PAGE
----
During the mid 1980’s I was a stay-at-home Dad and did all that was required of that challenging work, from changing diapers to preparing meals, and from cutting the grass to maintaining our home. I even took a woodworking course through Alberni’s Adult Education program and built and restored several pieces of furniture. Of course the 1958 Chevy Impala in the garage was my pride and joy, and I devised ways to do much of the work it required.
I also joined and participated in many community activities, like the local Car Club, and a disability support group that catered to the needs of people with many different disabilities. Of course, continued participation in family life remained of critical importance through this period.
In 1989 a secondary condition began to extinguish the vision that remained, which set into motion a new stream of professional rehabilitation services and supports. By the spring of 1990 Glaucoma had turned out the lights completely, and the darkness I had feared so desperately was upon me. Strangely though, I found this to be a great relief rather than the tragedy I had imagined it would be.
Through several professional rehabilitation sessions, and by joining peer mentoring and advocacy groups I was able to come to terms with this strange feeling, and to learn additional skills and strategies for living with no visual cues of the world around me. This is also about the time that I decided to explore CNIB as an employer, and to see if I could provide the sort of guidance and support to others that had been my pleasure to receive. Those 14 years were a wonderful experience of ongoing discovery for me, as teaching may be the best way to solidify one’s own learning. In other words, those we assist through this transition in turn help us all as we develop best practices and improved service.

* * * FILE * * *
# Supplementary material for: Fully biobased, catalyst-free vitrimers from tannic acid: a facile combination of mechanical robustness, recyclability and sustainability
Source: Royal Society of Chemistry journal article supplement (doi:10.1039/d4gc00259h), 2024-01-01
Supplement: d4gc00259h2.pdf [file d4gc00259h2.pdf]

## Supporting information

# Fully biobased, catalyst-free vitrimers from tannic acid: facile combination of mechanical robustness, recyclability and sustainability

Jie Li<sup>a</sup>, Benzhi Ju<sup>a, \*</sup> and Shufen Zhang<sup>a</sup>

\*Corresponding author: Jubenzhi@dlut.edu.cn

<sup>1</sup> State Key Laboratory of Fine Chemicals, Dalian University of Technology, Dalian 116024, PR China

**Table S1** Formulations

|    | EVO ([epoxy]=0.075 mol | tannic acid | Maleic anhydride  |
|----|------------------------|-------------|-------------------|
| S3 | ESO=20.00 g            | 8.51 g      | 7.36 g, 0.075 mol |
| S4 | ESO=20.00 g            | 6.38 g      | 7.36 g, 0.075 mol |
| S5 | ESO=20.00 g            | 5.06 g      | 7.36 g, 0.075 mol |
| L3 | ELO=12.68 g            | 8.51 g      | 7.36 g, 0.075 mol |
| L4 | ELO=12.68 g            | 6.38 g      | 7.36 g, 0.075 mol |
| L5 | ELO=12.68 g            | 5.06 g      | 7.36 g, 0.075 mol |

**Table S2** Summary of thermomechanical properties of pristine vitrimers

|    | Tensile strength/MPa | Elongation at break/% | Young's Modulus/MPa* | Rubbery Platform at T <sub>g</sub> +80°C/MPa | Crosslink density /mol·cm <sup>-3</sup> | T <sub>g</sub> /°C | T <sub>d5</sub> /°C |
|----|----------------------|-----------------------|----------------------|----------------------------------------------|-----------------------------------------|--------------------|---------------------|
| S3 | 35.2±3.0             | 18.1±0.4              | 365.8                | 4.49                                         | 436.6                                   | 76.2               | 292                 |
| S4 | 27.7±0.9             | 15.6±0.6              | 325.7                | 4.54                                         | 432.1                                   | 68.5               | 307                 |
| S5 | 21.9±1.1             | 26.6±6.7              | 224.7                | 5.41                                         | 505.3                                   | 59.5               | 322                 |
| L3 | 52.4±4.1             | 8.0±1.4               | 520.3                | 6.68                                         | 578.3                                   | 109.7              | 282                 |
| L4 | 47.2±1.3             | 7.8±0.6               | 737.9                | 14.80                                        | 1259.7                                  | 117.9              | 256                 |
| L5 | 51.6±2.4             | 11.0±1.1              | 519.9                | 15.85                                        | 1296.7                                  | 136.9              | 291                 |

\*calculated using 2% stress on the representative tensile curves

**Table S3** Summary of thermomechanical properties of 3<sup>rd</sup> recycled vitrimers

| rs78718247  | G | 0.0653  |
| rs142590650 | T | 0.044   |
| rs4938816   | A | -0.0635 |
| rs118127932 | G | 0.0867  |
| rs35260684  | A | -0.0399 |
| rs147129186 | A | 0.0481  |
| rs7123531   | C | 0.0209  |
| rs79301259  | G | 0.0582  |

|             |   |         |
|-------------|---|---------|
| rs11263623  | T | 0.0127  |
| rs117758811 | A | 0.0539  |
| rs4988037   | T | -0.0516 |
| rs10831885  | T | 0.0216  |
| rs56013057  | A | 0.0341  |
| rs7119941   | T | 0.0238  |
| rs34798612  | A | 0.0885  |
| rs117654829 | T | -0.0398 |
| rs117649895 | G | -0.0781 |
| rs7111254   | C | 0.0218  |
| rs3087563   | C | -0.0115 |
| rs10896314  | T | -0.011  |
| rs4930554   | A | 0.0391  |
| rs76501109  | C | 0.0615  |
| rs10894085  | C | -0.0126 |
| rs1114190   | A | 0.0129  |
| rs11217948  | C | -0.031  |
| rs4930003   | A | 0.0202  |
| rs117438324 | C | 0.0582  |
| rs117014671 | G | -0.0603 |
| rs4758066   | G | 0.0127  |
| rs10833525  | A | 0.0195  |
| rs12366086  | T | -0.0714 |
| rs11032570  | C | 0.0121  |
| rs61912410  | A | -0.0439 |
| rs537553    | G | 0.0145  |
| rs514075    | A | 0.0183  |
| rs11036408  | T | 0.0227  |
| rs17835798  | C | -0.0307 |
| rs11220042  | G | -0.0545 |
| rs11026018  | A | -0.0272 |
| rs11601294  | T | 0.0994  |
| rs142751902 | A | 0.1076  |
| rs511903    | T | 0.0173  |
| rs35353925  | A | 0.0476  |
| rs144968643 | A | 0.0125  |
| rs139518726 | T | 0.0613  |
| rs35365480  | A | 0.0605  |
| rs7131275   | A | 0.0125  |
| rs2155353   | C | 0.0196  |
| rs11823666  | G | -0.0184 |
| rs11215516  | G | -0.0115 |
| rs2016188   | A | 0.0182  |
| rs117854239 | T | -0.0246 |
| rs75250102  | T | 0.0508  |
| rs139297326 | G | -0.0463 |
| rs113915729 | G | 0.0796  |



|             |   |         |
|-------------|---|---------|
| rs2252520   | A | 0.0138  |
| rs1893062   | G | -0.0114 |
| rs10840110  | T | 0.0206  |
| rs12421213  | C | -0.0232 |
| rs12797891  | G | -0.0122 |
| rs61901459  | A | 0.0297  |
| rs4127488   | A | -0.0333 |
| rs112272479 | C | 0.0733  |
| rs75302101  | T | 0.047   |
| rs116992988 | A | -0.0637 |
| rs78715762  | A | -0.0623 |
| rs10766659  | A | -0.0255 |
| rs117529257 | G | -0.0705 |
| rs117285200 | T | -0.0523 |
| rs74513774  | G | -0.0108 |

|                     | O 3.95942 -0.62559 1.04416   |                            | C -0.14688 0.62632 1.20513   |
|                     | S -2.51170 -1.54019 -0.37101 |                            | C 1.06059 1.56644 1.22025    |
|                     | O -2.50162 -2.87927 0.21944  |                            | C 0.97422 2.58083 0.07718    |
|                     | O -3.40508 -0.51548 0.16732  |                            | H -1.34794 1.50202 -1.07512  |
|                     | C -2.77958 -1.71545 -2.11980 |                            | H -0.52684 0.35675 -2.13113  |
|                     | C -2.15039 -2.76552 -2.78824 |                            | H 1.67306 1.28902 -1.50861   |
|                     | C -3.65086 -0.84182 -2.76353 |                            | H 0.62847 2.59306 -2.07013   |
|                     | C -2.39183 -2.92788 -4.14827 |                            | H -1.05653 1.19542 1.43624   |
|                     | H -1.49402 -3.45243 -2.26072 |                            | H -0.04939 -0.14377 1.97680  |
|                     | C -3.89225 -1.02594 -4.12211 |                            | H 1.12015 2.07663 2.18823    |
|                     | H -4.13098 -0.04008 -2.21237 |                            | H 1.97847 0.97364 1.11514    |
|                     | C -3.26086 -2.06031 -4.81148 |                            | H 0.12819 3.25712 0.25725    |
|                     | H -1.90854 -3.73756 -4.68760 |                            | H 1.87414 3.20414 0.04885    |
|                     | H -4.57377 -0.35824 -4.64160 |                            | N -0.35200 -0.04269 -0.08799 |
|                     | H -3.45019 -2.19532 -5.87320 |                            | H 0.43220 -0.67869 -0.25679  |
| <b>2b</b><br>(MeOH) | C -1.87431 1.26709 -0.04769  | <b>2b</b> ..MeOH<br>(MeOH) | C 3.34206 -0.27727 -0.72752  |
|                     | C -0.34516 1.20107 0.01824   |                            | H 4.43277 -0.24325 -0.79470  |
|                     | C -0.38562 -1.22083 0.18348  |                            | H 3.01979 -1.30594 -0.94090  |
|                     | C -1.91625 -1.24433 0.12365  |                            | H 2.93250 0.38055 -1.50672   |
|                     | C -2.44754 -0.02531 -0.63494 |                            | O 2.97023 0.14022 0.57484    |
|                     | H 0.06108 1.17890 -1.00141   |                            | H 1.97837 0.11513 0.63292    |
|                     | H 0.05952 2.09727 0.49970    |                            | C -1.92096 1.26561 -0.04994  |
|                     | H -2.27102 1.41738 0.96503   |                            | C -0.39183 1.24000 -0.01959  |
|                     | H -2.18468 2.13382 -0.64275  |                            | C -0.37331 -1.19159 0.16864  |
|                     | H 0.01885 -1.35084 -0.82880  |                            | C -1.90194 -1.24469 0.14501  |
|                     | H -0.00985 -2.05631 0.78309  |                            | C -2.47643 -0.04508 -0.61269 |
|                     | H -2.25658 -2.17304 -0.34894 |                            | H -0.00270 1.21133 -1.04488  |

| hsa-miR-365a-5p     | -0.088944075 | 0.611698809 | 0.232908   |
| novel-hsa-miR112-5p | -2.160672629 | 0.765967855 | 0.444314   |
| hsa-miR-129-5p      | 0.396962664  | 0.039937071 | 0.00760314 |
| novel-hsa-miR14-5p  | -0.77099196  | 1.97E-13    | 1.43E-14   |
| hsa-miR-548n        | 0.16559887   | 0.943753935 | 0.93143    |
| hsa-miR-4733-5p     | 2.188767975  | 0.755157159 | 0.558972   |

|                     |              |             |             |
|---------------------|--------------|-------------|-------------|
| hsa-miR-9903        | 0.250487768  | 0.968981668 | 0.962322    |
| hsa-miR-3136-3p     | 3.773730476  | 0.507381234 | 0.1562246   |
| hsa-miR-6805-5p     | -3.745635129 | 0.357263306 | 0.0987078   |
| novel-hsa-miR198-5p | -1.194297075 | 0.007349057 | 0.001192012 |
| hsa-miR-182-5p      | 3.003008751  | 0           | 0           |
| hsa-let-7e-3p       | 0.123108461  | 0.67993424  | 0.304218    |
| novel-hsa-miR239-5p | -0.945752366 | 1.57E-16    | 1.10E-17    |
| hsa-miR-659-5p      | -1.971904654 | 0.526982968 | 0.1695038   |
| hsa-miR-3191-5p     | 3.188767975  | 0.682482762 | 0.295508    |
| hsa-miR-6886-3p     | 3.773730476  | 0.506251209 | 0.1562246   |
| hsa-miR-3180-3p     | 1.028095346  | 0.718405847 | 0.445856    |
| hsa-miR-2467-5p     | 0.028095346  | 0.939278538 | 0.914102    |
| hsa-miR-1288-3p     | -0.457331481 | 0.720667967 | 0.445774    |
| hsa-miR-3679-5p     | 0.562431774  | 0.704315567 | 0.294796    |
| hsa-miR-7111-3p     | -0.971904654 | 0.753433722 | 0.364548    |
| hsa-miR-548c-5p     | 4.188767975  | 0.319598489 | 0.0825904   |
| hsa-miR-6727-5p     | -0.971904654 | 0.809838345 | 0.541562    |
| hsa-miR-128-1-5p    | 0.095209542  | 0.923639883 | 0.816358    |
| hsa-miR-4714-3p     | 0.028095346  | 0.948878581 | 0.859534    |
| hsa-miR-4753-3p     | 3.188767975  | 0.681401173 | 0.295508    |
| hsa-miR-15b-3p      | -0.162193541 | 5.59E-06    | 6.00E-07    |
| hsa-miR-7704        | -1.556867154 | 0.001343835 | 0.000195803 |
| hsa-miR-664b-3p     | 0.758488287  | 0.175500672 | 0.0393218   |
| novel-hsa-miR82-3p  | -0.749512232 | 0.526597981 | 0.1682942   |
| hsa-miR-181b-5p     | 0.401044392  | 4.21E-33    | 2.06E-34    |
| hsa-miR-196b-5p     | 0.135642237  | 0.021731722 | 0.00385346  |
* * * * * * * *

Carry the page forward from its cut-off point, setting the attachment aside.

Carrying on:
Following a 14 year career with CNIB I also served the blind community as the first National Equality Director employed by the Alliance for Equality of Blind Canadians (AEBC), and as a Basic Computer Literacy Trainer with the Canadian Council of the Blind (CCB). Most recently I have enjoyed coordinating the CCB’s newly launched Get Together with Technology Program in Western Canada, which brings to the fore my passion for assistive technology and the power of peer mentoring.
Without sight I have continued to travel far and wide, with trips to Conventions of and for the Blind in Anaheim California and Melbourne Australia, as well as to many events and activities in Toronto and Vancouver. Of course my work has taken me to many communities throughout Western Canada, and most particularly nearly all regions of BC and on Vancouver Island. None of which would have been possible without the services and support of organizations like CCB, AEBC and CNIB.
For most people blindness generates a fear of extended movement, both within one’s home and community, but that doesn’t have to be the case. Independence comes from personal desire and increased skill. Many community organizations can assist with both through their mentoring and skill development programs. I remember always that life has little to do with what happens to me and 100% what I do about/with it. There is a quote I like to use from the National Federation of the Blind in the USA, “With adequate skill development and opportunity blindness can be reduced to the level of a nuisance”, and nothing could be closer to the truth.
Helen Keller said many years ago, “There is nothing more tragic than someone who has sight, but no vision”. She also challenged the Lions Clubs of the world to become the “Knights of the Blind, and to take up the crusade against darkness”. I too joined a Lions Club in 1992 and continue to work on the crusade that Helen Keller began in the 1920-s.
View all posts by Albert Ruel